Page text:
Other features and advantages of the present invention will become more apparent from the following detailed description, taken in conjunction with the accompanying drawings which illustrate, by way of example, the principles of the invention.
The accompanying drawings illustrate the invention. In such drawings:
FIG. 1 is a perspective view illustrating a water purification system including cooling apparatus embodying the novel features of the invention;
FIG. 2 is a horizontal sectional view taken generally on the line 2--2 of FIG. 1;
FIG. 3 is an enlarged vertical sectional view taken generally on the line 3--3 of FIG. 2;
FIG. 4 is an enlarged fragmented vertical sectional view illustrating installation of the cooling apparatus at the bottom of a system reservoir tank;
FIG. 5 is a somewhat schematic, fragmented perspective view illustrating components of the cooling apparatus; and
FIG. 6 is a diagrammatic view illustrating one alternative water purification system arrangement including cooling apparatus in accordance with the invention.
As shown in the exemplary drawings, an improved water purification system referred to generally in FIG. 1 by the reference numeral 10 is provided for producing purified water from a supply of ordinary tap water 12 or the like. The produced purified water is stored within a storage reservoir tank 14 ready for dispensing through the discharge spout 16 of a faucet valve 18. In accordance with the invention, the system 10 includes a compact and energy-efficient cooling apparatus, referred to generally in FIG. 1 by the reference numeral 20, for chilling the supply of purified water within the reservoir tank 14.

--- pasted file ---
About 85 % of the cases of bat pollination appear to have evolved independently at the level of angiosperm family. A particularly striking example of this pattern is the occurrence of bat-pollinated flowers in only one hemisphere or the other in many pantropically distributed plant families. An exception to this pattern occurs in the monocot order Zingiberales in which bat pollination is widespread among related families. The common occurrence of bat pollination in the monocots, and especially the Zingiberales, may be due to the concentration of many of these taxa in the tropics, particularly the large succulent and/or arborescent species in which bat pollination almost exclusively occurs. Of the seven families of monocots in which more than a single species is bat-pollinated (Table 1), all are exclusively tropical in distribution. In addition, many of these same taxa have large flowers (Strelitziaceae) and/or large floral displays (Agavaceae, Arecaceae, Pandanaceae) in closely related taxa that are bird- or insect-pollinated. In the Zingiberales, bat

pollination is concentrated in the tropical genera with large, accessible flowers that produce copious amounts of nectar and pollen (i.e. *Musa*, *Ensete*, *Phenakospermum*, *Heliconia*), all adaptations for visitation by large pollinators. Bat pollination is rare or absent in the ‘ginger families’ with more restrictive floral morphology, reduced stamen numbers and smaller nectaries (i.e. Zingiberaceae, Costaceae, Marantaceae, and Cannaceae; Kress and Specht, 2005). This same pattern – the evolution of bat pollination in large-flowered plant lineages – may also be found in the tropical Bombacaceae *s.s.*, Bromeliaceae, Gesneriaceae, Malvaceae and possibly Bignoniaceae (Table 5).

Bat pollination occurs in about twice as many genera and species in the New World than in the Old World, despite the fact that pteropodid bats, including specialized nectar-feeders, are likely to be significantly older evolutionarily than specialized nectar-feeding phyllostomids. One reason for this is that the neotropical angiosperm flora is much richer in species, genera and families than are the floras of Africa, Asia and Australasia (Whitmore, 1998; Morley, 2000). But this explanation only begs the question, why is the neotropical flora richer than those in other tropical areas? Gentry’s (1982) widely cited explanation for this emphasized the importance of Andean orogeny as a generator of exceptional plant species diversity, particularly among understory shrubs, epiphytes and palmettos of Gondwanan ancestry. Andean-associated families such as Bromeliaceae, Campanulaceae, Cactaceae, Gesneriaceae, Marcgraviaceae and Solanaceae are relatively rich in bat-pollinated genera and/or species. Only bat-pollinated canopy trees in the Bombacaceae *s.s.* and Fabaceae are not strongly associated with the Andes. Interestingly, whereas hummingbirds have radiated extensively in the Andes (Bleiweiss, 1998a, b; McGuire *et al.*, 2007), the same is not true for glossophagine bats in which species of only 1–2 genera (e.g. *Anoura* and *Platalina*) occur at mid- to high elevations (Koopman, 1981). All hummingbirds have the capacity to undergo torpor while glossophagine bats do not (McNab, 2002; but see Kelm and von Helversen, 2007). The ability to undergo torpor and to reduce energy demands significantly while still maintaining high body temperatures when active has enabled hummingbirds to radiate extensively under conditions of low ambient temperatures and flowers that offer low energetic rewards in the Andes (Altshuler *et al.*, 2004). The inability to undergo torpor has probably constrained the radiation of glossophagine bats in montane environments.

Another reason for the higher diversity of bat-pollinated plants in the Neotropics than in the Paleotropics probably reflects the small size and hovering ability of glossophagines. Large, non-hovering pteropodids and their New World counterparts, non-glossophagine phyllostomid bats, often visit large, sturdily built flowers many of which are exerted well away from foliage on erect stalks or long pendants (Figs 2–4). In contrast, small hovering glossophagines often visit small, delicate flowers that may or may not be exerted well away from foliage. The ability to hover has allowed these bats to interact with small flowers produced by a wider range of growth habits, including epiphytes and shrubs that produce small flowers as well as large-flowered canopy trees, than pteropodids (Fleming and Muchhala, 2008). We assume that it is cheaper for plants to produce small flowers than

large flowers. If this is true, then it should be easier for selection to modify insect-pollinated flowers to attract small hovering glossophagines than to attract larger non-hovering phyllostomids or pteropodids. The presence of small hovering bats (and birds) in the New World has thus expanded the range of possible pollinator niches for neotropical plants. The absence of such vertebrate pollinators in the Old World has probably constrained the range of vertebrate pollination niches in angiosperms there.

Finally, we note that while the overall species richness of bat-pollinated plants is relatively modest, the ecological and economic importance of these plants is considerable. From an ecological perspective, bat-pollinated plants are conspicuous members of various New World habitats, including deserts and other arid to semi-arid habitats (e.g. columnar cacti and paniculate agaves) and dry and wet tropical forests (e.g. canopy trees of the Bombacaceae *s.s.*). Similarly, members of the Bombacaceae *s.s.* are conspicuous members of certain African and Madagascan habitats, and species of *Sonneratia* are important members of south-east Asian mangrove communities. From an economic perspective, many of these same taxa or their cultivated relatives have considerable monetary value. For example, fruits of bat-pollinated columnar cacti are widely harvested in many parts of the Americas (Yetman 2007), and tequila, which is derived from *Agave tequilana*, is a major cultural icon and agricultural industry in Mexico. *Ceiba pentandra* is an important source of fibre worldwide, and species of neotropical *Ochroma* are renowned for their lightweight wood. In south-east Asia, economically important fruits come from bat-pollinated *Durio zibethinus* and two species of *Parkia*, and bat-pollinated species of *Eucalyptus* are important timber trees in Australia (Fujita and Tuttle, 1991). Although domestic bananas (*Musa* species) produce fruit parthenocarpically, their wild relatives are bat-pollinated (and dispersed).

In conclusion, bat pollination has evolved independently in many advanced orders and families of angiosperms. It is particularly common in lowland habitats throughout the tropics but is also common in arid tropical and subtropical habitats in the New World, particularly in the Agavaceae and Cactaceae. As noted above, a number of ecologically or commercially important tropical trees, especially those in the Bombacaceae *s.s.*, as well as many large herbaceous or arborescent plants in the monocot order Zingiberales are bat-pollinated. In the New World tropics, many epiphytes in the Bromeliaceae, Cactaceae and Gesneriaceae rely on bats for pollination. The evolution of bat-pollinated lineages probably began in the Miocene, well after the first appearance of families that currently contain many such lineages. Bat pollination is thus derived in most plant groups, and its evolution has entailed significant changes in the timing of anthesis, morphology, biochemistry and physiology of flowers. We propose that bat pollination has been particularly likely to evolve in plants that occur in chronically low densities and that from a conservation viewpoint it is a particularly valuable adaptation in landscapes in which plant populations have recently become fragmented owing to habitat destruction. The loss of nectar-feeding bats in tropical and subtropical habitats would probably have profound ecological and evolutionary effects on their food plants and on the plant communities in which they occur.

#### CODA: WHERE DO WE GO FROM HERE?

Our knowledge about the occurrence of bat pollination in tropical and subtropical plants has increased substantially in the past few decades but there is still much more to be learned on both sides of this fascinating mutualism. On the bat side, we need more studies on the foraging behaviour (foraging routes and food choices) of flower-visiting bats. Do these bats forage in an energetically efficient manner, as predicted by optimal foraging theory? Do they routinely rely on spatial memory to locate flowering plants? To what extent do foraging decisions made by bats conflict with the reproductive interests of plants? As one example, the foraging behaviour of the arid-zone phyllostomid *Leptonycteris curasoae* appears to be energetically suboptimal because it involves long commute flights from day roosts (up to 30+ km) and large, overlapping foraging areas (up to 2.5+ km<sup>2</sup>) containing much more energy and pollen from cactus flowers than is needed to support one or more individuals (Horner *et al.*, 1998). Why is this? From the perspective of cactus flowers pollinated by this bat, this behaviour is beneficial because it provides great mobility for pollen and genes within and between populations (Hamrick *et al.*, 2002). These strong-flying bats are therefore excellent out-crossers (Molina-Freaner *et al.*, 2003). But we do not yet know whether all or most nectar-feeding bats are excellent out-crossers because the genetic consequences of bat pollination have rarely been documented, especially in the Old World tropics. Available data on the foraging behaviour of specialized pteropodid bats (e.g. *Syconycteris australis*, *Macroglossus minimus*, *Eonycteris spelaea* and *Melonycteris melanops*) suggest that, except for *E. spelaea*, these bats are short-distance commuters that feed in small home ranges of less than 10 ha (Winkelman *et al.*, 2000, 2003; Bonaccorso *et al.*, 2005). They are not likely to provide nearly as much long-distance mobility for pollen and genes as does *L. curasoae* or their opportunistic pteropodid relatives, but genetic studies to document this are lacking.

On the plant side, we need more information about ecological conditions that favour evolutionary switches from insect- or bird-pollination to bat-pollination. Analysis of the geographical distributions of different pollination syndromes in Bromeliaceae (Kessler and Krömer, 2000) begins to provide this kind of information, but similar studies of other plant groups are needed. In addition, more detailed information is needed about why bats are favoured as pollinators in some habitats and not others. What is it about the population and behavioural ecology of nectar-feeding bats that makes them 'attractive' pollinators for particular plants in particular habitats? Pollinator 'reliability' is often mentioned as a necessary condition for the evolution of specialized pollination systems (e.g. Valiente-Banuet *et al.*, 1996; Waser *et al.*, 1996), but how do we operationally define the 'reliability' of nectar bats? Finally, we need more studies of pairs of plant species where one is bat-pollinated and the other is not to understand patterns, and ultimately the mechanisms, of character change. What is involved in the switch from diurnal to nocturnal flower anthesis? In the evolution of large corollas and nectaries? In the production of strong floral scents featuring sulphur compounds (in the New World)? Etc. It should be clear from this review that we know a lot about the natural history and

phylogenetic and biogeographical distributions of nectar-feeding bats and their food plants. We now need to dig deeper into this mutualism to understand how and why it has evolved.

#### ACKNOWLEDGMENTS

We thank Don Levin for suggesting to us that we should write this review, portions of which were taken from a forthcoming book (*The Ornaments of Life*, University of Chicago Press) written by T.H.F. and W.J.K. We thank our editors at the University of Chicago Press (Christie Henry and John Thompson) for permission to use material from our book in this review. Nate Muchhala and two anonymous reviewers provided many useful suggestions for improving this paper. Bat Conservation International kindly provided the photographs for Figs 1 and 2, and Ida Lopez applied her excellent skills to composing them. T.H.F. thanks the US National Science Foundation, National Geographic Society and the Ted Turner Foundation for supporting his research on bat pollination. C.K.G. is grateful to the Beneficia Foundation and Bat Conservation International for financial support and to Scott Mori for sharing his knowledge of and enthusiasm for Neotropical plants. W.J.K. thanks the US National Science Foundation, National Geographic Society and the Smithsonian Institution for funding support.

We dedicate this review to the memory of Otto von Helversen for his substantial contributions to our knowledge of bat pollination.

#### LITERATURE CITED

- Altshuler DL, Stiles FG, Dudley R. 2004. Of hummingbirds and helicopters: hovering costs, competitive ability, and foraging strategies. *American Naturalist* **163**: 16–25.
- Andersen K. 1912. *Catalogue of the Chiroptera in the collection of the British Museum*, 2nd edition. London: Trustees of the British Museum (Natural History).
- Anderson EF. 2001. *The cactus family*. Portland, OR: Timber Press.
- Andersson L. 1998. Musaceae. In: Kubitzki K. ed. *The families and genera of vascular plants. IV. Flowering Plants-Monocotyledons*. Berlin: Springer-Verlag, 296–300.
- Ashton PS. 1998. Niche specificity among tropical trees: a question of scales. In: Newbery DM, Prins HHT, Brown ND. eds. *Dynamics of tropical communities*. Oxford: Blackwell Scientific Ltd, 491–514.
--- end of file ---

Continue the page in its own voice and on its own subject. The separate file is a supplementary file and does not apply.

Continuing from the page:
The illustrative water purification system 10 is designed to provide a ready supply of substantially purified water for drinking, cooking purposes, etc. The system 10 is adapted for residential or household use for installation typically within the compact cabinet space beneath a kitchen sink or the like, with the faucet valve 18 being normally mounted in a position extending through a sink drain board (not shown in FIG. 1). The purification system 10 includes relatively simple water treatment equipment for treating ordinary tap water 12 to remove undesired salts, particulates and other impurities to produce the purified water supply. For examples of water purification systems of this general type, see U.S. Pat. Nos. 4,585,554; 4,595,497; and copending application Ser. No. 685,546, now abandoned in favor of Ser. No. 001,042, filed Jan. 7, 1987, which are incorporated by reference herein.